How do you attract top talent?
As a start up your brand image is important when it comes to standing out from the crowd. If you work it backwards from a candidate's perspective and what they are looking for in a new role, this is a good place to start. Some motivations for moving companies commonly include: personal development, finance, location (seemingly less important in the current climate), product, technology and brand name. These come in different orders for different people but will always be there when making a decision about changing jobs. You have to be known as a company who prioritizes the development of their employees, pay at least market rate, are working on an interesting product (ambiguous) and are out there as a known company using cutting edge technology with a brilliant engineering culture - doesn’t seem like too much to ask.
As a startup, how can you compete with a tech giant?
Believe it or not, the whole world doesn’t want to work at Facebook (now offence to Facebook). You’d be surprised at how many techies want to work at a meaningful start up. Not only can the mission of a startup be attractive but also the use of cutting edge technology.
What seems to be common is that understandably not all technical roles at tech giants are overly stimulating or glamorous. For example it may take a long time to get new features shipped or because the company has been around for a while they may not have the ambition to be working with the newest technologies or frameworks.
What do you need to consider when hiring?
When you start thinking about hiring for a particular technical position there are a few things to consider. These predominantly fall into two categories; technical skill and cultural fit, and in my opinion these two are equally important. In start ups, teamwork is key and being able to chip in across the business is usually a prerequisite.
How to test Technical Skill?
It’s common knowledge that many companies use technical testing which isn’t necessarily relevant to the kind of work an engineer or developer will be doing at all. So why do it? Instead of testing candidates on computer science fundamentals why not do a pair programming sessions where you can get a better understanding of how a candidate works and what their code is like.
How to evaluate Cultural Fit?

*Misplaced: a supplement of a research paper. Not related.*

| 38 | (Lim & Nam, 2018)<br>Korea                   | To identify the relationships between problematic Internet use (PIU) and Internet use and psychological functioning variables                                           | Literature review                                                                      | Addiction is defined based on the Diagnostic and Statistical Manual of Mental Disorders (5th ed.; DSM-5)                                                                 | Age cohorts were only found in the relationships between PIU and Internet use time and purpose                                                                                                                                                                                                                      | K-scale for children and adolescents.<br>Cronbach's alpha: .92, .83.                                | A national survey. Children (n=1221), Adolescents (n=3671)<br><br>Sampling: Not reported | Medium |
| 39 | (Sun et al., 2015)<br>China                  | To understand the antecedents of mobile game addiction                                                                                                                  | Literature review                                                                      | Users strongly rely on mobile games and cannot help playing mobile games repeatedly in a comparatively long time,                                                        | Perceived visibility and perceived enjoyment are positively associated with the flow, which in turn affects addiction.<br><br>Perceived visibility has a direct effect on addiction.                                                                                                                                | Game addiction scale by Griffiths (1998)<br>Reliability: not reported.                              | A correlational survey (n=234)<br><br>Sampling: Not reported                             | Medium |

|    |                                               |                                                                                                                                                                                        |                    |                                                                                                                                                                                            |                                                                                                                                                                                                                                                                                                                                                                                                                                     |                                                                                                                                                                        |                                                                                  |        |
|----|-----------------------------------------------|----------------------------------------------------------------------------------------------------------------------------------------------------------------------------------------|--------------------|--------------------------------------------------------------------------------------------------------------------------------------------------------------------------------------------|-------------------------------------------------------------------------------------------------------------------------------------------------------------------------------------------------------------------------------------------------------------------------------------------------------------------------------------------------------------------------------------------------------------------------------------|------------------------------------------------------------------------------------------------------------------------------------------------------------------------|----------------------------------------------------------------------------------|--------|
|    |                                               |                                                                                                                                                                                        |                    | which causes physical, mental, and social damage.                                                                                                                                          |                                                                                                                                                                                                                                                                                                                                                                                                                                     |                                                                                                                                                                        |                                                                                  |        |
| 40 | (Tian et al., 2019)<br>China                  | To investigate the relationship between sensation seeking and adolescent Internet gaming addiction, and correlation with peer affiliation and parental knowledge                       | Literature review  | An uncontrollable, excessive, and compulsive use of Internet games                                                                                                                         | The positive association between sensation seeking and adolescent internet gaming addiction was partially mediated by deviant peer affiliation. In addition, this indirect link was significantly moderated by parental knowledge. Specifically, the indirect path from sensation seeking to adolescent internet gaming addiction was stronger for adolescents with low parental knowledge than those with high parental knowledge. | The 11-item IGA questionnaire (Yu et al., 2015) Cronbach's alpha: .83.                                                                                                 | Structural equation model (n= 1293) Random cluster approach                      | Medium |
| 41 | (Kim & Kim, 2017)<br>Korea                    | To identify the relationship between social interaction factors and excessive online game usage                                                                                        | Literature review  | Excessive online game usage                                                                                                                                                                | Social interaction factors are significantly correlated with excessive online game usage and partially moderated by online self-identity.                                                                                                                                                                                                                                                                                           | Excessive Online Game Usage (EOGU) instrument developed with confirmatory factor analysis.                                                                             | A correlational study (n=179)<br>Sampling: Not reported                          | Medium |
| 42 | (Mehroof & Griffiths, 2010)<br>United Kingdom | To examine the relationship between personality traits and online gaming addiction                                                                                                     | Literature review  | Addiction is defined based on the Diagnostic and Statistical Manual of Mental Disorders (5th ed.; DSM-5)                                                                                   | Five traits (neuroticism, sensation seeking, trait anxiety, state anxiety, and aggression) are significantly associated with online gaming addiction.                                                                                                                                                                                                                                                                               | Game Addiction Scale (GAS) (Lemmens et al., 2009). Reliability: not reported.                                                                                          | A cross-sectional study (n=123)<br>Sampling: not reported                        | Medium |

As a company grows in size and introduces new personalities the culture also changes. I’ve often heard the statements like - ‘we want to keep our culture’ but I think it’s actually beneficial for the culture to develop. When the team is small it’s nice to get everyone involved when first meeting a potential new recruit.
Who is going to be the ‘right fit’?
We know that not every company is going to be the right fit for everyone. Some people like more direction than a tiny startup can provide but others like the autonomy. So how do we decide who is going to be a good fit? I believe before you can start hiring you have to take a long look in the mirror and evaluate the current culture and the position you are in as a start up. If you are having to ship code like crazy then you are going to want a personality who is willing to jump straight and get their hands dirty. If you are taking more of a step back and evaluating the codebase then someone who is more analytical and conscientious could be a better candidate.
How do you plan for the future with uncertainty ahead?
A lot of startups will be on a hiring freeze waiting out the current economic environment. This can be a great opportunity to refine hiring processes and produce some great content about company culture. Due to the uncertainty it’s going to be more difficult to lure candidates away from their current roles - this is also something to consider when you’re thinking about putting some time and effort into your brand image and advertising! However, it’s also important to remember the lag time between advertising job roles and onboarding new team members. So if you’re expecting things to take an upturn which we have already seen (27% more tech jobs in London in July compared to June) time to get the ball rolling now!
Is now the time to invest in our current employees and work on upskilling?
100%. It’s common knowledge that it isn’t cheap to go through the process of onboarding new employees. Something that more and more start ups are considering is upskilling current employees who have a passion for technology and want to make a move into a more technical role.
To get in touch about hiring Le Wagon Alumni or upskilling your workforce please email email@example.com